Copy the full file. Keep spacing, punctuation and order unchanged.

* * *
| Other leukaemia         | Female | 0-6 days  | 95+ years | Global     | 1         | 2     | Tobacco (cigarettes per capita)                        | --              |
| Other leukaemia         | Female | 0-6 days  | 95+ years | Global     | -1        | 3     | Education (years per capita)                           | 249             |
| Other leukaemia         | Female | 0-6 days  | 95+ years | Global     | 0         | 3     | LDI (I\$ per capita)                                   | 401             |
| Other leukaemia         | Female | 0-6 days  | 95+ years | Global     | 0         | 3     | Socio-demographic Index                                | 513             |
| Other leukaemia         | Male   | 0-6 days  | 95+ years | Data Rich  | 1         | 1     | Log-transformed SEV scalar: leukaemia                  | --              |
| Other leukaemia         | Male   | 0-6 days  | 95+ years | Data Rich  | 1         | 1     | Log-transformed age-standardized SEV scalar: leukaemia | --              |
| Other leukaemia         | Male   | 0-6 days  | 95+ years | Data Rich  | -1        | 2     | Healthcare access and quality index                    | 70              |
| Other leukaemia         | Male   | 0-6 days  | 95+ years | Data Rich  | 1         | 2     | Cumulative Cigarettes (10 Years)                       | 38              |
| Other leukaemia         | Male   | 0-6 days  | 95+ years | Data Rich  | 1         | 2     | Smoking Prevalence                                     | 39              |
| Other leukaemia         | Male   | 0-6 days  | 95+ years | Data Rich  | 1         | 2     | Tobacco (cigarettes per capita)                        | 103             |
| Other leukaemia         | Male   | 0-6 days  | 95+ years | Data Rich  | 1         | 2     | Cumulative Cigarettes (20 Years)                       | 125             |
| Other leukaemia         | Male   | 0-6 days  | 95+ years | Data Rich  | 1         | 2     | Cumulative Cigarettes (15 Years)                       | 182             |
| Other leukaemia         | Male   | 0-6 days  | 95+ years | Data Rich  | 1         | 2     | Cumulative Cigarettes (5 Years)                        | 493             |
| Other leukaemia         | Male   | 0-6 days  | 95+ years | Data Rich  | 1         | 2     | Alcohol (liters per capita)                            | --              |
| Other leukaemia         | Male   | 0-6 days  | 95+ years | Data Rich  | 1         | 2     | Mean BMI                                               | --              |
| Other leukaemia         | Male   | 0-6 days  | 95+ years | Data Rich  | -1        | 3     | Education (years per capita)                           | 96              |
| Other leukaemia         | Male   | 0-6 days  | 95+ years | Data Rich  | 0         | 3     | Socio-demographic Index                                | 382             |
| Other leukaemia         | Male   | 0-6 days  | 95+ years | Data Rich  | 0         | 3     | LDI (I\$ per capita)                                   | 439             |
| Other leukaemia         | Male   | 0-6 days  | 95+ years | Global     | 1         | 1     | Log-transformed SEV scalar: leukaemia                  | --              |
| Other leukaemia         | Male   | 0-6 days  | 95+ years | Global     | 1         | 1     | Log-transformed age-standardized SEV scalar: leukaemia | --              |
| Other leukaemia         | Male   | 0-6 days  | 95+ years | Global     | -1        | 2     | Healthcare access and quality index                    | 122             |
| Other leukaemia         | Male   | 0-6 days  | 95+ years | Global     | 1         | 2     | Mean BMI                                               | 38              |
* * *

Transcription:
| Other leukaemia         | Female | 0-6 days  | 95+ years | Global     | 1         | 2     | Tobacco (cigarettes per capita)                        | --              |
| Other leukaemia         | Female | 0-6 days  | 95+ years | Global     | -1        | 3     | Education (years per capita)                           | 249             |
| Other leukaemia         | Female | 0-6 days  | 95+ years | Global     | 0         | 3     | LDI (I\$ per capita)                                   | 401             |
| Other leukaemia         | Female | 0-6 days  | 95+ years | Global     | 0         | 3     | Socio-demographic Index                                | 513             |
| Other leukaemia         | Male   | 0-6 days  | 95+ years | Data Rich  | 1         | 1     | Log-transformed SEV scalar: leukaemia                  | --              |
| Other leukaemia         | Male   | 0-6 days  | 95+ years | Data Rich  | 1         | 1     | Log-transformed age-standardized SEV scalar: leukaemia | --              |
| Other leukaemia         | Male   | 0-6 days  | 95+ years | Data Rich  | -1        | 2     | Healthcare access and quality index                    | 70              |
| Other leukaemia         | Male   | 0-6 days  | 95+ years | Data Rich  | 1         | 2     | Cumulative Cigarettes (10 Years)                       | 38              |
| Other leukaemia         | Male   | 0-6 days  | 95+ years | Data Rich  | 1         | 2     | Smoking Prevalence                                     | 39              |
| Other leukaemia         | Male   | 0-6 days  | 95+ years | Data Rich  | 1         | 2     | Tobacco (cigarettes per capita)                        | 103             |
| Other leukaemia         | Male   | 0-6 days  | 95+ years | Data Rich  | 1         | 2     | Cumulative Cigarettes (20 Years)                       | 125             |
| Other leukaemia         | Male   | 0-6 days  | 95+ years | Data Rich  | 1         | 2     | Cumulative Cigarettes (15 Years)                       | 182             |
| Other leukaemia         | Male   | 0-6 days  | 95+ years | Data Rich  | 1         | 2     | Cumulative Cigarettes (5 Years)                        | 493             |
| Other leukaemia         | Male   | 0-6 days  | 95+ years | Data Rich  | 1         | 2     | Alcohol (liters per capita)                            | --              |
| Other leukaemia         | Male   | 0-6 days  | 95+ years | Data Rich  | 1         | 2     | Mean BMI                                               | --              |
| Other leukaemia         | Male   | 0-6 days  | 95+ years | Data Rich  | -1        | 3     | Education (years per capita)                           | 96              |
| Other leukaemia         | Male   | 0-6 days  | 95+ years | Data Rich  | 0         | 3     | Socio-demographic Index                                | 382             |
| Other leukaemia         | Male   | 0-6 days  | 95+ years | Data Rich  | 0         | 3     | LDI (I\$ per capita)                                   | 439             |
| Other leukaemia         | Male   | 0-6 days  | 95+ years | Global     | 1         | 1     | Log-transformed SEV scalar: leukaemia                  | --              |
| Other leukaemia         | Male   | 0-6 days  | 95+ years | Global     | 1         | 1     | Log-transformed age-standardized SEV scalar: leukaemia | --              |
| Other leukaemia         | Male   | 0-6 days  | 95+ years | Global     | -1        | 2     | Healthcare access and quality index                    | 122             |
| Other leukaemia         | Male   | 0-6 days  | 95+ years | Global     | 1         | 2     | Mean BMI                                               | 38              |